Activists in Japan first learned about Ramseyer’s article from the January 28, 2021 issue of Sankei Shimbun, a rightwing Japanese newspaper. They did not immediately take action, seeing it as yet another instance of the historical revisionist campaign. Witnessing concerted efforts in South Korea and the US to expose the problematic nature of the article and get it retracted, they became more involved. On March 10, historical associations issued a statement against the article. On March 14, Fight for Justice, an activist group, held in collaboration with other groups an online seminar, “Sick and Tired of Hearing “Comfort Women were not Sexual Slaves,” inviting leading historians and reestablishing historical facts. The international movement against Ramseyer has also encouraged concerned citizens in Japan to publicly criticize him for having presented distorted views on Okinawa, resident Koreans, and Burakumin (people historically discriminated against). Ramseyer’s article has generated these critical responses. Yet, the left-leaning media in Japan has barely reported on it, limiting a social impact.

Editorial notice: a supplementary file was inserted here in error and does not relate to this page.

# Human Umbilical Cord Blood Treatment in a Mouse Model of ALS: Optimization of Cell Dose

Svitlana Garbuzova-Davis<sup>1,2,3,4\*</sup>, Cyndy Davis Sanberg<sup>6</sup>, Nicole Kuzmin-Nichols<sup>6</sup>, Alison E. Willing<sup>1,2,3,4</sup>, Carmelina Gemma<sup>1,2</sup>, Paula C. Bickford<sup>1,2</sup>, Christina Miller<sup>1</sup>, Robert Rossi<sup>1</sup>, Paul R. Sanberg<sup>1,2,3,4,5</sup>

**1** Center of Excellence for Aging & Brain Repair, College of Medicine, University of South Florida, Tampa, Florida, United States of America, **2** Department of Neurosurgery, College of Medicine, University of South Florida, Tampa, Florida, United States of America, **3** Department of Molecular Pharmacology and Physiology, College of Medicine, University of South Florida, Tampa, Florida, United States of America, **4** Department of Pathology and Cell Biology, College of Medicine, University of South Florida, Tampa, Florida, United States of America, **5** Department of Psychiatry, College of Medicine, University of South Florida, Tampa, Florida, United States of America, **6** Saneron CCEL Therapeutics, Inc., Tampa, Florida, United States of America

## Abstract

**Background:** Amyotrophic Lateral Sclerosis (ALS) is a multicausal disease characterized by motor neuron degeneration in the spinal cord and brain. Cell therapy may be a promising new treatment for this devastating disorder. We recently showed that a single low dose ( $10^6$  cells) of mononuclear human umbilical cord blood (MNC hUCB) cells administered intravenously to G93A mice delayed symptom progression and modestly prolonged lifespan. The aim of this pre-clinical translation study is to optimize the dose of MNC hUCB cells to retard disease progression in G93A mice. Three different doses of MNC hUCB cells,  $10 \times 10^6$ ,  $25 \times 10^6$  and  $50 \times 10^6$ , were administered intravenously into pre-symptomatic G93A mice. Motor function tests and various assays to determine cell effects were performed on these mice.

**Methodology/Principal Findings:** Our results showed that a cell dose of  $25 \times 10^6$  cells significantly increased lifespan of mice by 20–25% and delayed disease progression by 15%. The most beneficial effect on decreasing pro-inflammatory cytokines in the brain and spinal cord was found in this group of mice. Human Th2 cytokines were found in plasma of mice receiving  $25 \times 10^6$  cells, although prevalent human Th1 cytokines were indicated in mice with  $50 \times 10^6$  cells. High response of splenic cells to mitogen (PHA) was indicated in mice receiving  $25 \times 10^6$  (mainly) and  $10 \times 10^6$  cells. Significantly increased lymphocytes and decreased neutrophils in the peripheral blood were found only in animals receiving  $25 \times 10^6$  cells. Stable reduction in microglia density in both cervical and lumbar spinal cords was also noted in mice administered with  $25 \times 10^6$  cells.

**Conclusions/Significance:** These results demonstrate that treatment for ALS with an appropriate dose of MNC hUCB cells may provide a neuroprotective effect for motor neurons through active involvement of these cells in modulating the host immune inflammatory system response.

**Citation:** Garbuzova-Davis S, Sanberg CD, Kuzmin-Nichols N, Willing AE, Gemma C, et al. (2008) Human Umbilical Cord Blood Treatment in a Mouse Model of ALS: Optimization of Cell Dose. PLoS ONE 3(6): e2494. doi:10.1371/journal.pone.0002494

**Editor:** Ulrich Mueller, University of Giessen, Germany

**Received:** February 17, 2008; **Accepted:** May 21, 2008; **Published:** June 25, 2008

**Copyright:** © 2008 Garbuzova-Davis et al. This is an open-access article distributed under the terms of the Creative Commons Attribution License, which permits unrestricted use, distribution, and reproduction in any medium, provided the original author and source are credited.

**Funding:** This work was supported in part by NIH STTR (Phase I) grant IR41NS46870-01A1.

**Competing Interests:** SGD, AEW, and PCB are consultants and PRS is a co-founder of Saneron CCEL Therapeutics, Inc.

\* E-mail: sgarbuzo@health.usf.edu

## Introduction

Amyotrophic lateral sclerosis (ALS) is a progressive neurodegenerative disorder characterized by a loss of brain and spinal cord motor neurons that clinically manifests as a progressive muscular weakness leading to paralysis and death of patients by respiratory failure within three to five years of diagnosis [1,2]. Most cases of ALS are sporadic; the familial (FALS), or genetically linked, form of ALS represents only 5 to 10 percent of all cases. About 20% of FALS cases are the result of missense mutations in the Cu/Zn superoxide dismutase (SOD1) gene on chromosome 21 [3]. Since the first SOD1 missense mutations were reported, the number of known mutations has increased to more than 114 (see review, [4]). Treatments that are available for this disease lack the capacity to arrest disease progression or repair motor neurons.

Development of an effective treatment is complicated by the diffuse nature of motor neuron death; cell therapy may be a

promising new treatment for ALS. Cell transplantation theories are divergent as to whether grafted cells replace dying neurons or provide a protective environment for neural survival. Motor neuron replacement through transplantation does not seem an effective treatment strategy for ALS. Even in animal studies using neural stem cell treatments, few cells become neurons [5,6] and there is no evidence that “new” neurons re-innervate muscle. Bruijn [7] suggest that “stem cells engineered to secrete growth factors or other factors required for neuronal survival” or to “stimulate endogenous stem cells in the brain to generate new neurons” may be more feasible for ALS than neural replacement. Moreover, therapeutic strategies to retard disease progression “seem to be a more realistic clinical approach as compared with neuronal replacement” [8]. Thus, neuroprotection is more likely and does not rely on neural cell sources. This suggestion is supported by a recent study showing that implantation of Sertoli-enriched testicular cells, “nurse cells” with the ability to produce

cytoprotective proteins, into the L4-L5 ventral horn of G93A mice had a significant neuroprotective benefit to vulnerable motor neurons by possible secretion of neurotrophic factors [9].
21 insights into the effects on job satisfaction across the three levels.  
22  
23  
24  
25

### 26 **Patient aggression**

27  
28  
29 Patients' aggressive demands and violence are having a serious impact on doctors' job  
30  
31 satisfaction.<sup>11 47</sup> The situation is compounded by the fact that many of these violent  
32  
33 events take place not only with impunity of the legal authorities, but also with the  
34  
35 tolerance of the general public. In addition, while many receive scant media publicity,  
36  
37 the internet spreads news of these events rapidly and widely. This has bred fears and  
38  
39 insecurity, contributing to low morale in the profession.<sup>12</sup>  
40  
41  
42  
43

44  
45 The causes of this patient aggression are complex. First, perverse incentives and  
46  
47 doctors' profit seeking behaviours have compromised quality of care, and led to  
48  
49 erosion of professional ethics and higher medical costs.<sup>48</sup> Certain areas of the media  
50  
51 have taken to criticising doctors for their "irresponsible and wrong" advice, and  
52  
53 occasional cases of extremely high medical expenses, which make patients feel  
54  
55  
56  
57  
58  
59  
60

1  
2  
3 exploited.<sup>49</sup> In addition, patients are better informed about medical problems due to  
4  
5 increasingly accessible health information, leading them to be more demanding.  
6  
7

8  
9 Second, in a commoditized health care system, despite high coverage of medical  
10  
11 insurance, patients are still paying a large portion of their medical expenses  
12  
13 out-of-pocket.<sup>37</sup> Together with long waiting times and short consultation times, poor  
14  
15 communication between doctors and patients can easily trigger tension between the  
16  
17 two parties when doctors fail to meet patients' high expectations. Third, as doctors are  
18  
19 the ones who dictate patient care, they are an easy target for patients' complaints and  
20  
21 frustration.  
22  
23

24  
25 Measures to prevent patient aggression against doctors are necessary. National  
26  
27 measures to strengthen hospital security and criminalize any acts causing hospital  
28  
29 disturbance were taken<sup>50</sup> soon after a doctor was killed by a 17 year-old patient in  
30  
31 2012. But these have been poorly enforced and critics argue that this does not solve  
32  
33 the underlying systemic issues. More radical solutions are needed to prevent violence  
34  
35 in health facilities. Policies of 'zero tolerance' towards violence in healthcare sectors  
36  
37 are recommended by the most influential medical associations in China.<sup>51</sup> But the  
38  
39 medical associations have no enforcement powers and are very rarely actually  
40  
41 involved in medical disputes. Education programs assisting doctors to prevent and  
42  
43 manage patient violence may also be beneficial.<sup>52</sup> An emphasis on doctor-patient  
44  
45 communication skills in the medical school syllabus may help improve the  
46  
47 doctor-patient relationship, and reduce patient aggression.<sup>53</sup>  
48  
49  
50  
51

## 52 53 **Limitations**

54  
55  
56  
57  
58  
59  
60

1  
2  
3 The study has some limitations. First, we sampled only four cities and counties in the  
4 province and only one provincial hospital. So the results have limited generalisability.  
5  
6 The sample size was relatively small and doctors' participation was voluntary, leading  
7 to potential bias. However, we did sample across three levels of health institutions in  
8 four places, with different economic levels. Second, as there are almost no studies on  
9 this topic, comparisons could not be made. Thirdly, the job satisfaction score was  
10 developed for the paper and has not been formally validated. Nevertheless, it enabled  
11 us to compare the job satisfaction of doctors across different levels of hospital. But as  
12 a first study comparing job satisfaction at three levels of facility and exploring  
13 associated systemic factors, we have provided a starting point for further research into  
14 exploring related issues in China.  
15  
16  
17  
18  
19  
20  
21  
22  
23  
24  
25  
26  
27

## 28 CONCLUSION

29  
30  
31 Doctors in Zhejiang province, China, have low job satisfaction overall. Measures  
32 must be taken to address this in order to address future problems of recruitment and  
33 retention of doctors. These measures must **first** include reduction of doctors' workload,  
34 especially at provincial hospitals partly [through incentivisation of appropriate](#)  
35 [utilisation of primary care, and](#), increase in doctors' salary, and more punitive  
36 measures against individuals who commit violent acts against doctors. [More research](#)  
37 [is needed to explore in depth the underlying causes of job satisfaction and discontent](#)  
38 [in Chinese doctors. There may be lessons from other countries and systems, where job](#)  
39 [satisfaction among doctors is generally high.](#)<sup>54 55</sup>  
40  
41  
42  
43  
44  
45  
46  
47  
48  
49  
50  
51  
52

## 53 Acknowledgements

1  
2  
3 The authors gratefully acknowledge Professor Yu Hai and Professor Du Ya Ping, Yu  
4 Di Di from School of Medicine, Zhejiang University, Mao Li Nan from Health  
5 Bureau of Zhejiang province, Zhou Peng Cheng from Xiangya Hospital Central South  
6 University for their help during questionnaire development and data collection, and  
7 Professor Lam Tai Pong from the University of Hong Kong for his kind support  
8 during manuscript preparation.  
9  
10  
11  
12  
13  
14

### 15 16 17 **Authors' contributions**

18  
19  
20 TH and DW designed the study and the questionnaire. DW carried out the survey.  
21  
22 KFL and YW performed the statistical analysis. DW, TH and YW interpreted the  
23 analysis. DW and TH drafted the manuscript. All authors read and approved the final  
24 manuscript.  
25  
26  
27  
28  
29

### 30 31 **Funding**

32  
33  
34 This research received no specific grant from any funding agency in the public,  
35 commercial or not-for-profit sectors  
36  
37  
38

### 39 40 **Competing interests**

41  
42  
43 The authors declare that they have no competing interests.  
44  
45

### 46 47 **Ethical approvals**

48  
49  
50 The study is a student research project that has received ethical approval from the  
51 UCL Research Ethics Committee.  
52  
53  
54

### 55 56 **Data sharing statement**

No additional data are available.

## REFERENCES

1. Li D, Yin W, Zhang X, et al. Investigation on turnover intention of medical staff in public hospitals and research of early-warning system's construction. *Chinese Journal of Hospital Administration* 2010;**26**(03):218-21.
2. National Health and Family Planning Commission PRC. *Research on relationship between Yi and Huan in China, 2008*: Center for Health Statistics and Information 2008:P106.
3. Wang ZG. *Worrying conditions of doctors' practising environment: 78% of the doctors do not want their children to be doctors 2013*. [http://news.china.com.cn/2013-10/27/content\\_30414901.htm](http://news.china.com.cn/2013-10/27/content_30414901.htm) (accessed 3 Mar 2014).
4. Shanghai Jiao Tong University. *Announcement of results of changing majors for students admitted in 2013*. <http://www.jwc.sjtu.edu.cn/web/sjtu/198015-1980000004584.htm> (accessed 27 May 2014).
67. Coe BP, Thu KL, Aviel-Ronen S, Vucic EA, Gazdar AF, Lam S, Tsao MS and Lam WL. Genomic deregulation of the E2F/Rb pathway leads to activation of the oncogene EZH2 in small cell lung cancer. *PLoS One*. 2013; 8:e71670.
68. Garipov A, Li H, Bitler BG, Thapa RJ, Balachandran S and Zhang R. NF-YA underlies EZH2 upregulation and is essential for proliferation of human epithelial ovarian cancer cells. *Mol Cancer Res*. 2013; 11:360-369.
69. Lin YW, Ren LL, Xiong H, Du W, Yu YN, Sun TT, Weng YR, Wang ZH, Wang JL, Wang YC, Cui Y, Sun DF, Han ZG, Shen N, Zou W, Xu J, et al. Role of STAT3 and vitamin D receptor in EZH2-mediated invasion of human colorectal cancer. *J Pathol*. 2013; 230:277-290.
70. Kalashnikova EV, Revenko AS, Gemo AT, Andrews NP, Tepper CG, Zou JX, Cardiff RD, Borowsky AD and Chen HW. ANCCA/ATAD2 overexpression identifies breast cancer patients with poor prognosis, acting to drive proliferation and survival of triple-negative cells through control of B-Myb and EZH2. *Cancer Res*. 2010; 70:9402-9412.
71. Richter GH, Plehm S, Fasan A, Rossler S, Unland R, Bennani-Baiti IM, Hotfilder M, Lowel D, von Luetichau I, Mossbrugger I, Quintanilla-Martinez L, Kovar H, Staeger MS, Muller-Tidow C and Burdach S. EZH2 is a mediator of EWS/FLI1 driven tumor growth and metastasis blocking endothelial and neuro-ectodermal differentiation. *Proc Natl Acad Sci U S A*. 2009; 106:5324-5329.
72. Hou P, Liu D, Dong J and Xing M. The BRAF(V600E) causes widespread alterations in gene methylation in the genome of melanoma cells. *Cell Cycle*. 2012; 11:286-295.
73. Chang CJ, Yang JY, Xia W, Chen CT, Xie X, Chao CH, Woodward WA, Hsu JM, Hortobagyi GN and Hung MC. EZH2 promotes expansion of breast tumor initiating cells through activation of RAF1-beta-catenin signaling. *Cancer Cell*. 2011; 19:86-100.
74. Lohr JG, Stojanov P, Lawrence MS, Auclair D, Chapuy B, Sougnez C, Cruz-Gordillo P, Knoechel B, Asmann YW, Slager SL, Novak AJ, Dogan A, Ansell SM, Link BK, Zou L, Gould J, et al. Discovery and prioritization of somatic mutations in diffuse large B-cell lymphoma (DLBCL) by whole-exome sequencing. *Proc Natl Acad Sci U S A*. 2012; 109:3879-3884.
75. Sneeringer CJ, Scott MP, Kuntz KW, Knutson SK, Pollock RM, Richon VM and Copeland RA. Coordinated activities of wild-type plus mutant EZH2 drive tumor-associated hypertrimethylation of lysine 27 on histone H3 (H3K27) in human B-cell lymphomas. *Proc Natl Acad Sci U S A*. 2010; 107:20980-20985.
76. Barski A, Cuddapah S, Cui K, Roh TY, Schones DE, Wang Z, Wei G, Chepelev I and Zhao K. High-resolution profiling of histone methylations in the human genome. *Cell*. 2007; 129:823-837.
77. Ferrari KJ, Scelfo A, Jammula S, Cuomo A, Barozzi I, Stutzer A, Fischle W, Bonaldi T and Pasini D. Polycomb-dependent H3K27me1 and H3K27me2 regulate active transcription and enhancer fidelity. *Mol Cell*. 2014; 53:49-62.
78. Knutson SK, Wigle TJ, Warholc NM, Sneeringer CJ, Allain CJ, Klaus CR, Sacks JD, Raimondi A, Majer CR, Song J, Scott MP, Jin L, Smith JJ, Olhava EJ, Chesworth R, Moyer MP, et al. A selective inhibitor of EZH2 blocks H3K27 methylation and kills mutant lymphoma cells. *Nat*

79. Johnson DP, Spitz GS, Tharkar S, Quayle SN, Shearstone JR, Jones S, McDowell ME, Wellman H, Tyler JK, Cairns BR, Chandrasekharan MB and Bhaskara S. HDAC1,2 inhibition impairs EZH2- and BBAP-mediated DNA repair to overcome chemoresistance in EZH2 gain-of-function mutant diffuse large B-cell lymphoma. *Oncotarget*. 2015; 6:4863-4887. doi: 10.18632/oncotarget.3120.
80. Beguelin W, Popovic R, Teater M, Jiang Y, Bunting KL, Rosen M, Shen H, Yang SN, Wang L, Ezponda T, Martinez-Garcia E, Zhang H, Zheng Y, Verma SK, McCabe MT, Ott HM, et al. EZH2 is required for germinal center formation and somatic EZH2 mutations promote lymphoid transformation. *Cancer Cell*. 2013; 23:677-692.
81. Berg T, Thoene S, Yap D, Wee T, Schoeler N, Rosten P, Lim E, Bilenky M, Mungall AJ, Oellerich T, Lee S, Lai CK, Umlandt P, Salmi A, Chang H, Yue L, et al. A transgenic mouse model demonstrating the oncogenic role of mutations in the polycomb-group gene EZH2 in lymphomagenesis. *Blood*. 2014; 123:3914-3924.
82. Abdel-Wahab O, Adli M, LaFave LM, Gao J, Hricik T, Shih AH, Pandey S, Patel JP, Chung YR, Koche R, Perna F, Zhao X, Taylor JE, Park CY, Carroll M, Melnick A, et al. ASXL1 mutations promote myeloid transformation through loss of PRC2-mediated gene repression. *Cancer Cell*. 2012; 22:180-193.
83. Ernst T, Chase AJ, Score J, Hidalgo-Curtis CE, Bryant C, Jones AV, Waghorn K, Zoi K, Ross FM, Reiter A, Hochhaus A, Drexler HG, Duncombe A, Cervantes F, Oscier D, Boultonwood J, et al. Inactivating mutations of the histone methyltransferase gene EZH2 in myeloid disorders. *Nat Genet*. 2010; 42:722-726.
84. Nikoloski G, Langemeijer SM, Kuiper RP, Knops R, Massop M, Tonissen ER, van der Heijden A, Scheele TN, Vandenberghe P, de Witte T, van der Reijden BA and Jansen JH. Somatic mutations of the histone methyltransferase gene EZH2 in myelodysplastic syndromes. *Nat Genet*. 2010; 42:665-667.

It has promoted the revisionist campaign. Sankei Shimbun, a newspaper which had been orchestrating “history wars” to spread revisionist views in the US, covered it several times. On April 24, Nadeshiko Action, a women’s rightwing group, held a symposium, where Ramseyer, speaking in Japanese, called for freedom of speech in the academia and reiterated his arguments in the article. Revisionist politicians have grabbed the opportunity to reassert the need to revise the 1993 Kōno Statement, internationally recognized as Japan’s official position on the issue, rebuking it for admitting the use of coercion in treating women and thereby allowing for the criticisms of Ramseyer. Given that he is the Mitsubishi Professor of Japanese Legal Studies and was awarded in 2018 the “Order of the Rising Sun” by the Japanese government for his contributions to Japanese studies, one could argue that the revisionist campaign had paved the way for his publication of the article.
The reactions to the article in Japan shed light on how deeply Japan as a whole is isolated from the rest of the international community on the history of “comfort women.” Activists in Japan have been struggling with this situation for three decades. I must say that they are committed not only to spreading historical truths that have been documented but also to keeping alive survivors’ individual histories they heard in person. Ultimately, it is the memories of survivors that have given them energy to continue fighting.